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  2. Hi Alan,

    That’s really great insight, thanks so much. So the random dialing approach, they’d have to ask some prelim questions about everyone’s demographics, correct?

    I agree, the actual amount spent in Simi Valley by Simi Valley residents is the ultimate data. It’s difficult to measure without a great deal of effort by Simi Valley merchants. A willingness to ask customers for their zip code along with a willingness to share that with the city seems to be the only way I can imagine.

    Thanks Alan! I hope you’re able to find something out from Brian Gabler!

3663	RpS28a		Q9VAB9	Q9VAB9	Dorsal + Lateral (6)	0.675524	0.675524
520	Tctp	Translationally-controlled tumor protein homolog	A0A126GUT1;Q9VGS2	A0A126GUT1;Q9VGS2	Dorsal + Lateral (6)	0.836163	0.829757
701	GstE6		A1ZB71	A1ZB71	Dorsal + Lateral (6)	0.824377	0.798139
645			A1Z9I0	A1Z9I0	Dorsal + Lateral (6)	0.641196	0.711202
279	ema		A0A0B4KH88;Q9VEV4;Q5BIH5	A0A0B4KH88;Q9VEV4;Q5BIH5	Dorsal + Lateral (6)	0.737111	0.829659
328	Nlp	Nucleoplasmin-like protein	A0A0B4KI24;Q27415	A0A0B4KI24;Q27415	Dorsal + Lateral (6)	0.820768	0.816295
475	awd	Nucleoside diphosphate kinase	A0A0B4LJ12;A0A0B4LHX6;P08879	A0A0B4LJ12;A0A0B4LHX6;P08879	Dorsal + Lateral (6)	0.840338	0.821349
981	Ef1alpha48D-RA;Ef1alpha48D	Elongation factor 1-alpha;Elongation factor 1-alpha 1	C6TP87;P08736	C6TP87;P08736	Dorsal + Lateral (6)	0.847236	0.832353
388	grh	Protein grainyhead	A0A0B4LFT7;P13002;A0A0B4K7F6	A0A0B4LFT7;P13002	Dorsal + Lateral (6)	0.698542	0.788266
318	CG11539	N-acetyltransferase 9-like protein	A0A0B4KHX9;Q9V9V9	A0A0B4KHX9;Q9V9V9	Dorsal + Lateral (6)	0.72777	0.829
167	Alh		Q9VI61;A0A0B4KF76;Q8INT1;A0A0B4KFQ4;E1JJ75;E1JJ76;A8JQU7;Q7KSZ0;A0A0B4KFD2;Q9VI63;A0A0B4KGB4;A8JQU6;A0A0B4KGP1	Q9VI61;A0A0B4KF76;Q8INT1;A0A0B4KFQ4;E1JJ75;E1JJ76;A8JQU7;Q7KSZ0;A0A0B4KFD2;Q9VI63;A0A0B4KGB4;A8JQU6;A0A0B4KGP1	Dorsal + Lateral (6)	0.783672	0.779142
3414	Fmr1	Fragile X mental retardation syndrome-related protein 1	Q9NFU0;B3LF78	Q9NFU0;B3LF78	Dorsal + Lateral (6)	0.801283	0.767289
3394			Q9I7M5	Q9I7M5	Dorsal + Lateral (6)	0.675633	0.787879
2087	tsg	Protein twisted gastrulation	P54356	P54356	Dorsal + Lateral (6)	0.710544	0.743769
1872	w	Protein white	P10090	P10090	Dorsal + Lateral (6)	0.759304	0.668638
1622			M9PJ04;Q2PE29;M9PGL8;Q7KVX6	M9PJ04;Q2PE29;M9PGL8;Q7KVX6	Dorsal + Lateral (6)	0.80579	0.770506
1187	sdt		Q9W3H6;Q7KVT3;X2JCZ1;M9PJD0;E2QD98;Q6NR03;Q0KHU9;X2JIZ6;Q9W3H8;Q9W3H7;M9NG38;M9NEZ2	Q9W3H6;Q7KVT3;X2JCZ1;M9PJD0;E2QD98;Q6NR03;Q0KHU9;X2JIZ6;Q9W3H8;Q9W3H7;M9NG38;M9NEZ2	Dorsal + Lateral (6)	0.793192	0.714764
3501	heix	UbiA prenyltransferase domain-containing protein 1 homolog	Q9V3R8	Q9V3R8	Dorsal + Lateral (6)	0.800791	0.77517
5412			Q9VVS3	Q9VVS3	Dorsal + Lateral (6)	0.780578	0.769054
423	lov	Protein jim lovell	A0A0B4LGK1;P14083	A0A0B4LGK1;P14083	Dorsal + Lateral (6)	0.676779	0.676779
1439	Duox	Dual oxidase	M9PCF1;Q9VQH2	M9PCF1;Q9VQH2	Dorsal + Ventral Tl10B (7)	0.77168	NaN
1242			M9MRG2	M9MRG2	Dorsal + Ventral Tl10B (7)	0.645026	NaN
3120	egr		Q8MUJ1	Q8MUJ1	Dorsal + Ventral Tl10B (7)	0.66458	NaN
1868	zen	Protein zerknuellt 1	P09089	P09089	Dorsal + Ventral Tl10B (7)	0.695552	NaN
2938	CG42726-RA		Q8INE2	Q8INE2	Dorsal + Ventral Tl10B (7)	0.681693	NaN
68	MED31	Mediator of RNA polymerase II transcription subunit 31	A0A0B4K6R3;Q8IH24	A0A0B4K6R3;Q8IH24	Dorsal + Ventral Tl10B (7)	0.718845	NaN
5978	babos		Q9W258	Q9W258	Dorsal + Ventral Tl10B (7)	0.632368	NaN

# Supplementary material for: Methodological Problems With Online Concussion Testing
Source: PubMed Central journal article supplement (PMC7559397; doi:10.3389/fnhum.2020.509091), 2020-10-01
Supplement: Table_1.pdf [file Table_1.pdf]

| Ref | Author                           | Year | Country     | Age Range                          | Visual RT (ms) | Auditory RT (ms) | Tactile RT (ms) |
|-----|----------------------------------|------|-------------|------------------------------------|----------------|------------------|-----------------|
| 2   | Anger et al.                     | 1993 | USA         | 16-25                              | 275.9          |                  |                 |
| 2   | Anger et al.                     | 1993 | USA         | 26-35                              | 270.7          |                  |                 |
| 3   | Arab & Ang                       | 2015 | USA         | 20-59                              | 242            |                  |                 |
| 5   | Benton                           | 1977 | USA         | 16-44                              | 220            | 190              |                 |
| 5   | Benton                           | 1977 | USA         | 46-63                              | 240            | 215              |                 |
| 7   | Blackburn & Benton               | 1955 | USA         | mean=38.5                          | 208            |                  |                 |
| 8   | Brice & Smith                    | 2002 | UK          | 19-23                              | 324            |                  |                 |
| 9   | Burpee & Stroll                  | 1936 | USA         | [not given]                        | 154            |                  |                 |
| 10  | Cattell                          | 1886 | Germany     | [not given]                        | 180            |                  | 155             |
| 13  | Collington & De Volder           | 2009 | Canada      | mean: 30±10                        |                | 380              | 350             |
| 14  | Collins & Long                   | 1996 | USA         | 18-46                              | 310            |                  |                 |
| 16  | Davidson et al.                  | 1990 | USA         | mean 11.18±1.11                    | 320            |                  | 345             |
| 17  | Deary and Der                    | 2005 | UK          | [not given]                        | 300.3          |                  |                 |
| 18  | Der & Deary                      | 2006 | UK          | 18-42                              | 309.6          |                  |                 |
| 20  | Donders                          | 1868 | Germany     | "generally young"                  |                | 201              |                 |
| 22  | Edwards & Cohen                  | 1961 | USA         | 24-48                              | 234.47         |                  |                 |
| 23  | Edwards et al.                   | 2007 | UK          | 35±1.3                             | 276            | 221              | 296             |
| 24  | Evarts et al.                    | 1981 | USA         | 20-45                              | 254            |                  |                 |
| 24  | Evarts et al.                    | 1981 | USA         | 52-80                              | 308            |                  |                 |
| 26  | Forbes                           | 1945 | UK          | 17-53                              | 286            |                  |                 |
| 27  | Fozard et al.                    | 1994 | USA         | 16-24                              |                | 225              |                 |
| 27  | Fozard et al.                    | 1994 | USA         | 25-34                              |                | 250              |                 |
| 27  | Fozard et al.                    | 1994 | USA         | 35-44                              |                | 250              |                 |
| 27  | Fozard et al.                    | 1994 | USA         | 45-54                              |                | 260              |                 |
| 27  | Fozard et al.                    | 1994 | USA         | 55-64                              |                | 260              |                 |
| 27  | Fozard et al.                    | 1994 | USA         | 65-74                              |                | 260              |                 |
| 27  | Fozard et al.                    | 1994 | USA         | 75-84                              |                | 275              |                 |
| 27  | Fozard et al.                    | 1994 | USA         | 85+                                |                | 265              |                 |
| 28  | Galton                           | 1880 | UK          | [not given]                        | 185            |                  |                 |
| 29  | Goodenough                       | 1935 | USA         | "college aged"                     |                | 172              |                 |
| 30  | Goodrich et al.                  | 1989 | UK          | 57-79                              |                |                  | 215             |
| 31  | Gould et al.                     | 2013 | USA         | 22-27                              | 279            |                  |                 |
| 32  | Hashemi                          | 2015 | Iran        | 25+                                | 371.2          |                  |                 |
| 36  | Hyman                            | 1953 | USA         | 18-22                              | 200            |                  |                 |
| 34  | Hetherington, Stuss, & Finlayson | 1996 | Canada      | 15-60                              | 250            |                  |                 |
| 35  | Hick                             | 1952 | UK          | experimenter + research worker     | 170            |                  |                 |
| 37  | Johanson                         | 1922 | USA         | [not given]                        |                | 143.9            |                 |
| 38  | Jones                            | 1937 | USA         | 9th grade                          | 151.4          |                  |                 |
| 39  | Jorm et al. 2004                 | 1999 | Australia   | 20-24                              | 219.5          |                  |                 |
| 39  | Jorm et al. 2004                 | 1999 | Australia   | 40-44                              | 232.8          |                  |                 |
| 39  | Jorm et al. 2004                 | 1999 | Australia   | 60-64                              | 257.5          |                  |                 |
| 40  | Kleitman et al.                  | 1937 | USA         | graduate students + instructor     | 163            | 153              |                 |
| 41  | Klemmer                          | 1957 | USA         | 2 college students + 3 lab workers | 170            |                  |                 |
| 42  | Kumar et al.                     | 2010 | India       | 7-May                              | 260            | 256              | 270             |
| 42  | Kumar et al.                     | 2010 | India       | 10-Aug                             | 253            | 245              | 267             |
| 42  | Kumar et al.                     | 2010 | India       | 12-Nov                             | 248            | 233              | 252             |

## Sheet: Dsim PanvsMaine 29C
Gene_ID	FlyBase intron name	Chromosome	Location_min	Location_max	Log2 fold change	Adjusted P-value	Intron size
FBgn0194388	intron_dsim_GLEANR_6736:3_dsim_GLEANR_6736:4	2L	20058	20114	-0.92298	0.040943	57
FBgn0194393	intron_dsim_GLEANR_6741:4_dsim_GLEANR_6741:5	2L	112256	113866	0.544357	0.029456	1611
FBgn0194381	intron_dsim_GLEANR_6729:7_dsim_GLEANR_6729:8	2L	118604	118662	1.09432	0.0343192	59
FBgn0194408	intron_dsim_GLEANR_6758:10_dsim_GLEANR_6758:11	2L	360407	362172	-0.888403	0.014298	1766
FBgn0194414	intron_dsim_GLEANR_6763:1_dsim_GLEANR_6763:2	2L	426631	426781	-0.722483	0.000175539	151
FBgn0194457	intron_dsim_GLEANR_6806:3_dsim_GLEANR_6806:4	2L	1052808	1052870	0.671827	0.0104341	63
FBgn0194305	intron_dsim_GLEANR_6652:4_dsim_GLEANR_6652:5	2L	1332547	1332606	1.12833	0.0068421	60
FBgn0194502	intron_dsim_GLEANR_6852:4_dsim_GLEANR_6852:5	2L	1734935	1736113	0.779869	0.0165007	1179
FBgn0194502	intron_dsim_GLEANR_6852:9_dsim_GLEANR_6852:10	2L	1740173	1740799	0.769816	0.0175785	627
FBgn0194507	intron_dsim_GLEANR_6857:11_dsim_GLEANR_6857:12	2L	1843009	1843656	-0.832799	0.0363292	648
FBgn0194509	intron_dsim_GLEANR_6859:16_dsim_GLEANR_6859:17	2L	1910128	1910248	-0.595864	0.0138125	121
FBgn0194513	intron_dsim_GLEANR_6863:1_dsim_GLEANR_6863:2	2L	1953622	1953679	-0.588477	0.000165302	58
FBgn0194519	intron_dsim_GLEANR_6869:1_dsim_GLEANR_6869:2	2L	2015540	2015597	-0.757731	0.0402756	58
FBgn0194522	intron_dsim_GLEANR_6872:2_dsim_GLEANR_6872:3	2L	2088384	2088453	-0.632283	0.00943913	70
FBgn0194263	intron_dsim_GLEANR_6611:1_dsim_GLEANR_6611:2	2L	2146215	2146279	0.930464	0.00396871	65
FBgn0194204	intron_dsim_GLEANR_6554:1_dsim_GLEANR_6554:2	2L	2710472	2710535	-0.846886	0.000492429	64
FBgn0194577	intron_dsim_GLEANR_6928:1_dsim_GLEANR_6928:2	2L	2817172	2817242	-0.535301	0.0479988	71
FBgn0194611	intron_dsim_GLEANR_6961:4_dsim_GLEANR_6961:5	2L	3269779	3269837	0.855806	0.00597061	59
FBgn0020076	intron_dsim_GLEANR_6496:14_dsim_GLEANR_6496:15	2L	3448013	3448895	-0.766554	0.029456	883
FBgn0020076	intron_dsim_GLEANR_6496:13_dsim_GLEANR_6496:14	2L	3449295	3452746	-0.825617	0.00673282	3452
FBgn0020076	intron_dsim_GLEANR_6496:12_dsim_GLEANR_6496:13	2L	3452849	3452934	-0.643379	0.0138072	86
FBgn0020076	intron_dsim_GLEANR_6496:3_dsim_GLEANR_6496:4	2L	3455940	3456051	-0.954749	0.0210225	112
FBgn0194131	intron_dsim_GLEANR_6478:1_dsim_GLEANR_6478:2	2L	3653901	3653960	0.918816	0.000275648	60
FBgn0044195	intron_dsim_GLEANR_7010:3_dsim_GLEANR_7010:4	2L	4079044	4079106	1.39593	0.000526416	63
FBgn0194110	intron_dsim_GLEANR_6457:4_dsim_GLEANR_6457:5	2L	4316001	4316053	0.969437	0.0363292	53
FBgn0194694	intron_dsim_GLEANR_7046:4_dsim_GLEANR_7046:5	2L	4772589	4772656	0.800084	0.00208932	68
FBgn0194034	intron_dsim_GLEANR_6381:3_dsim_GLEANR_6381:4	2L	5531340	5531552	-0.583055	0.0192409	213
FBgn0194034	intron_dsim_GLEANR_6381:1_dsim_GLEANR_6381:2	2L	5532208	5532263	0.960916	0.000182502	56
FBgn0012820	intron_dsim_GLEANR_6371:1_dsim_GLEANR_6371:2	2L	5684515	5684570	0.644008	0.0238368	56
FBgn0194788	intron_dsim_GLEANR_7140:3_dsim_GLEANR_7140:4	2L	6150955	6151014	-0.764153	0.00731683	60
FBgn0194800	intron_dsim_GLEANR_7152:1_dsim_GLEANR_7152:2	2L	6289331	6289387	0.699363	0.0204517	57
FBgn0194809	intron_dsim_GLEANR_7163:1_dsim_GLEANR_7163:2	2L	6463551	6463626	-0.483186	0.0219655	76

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  3. Mike,

    You should ask that all of the survey data be posted online including question order. I like the concept but remain unconvinced the amount spent has been recaptured in added taxes.

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  4. As most of you are aware, I did not support the expenditure of $100,000 for this “Shop Simi Valley” campaign, however I did support the program in theory. I don’t have a problem admitting when I am wrong, and this may be one of those times.

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  5. You might be right Barbra. I was originally critical of the expense because few people outside the business community were aware of the program. If its success is measured by residents’ recognition, then it does represent an improvement. But can the program’s impact on the city’s bottom line ever be effectively measured? Probably not. And that still makes you want to question if you’re getting your money’s worth.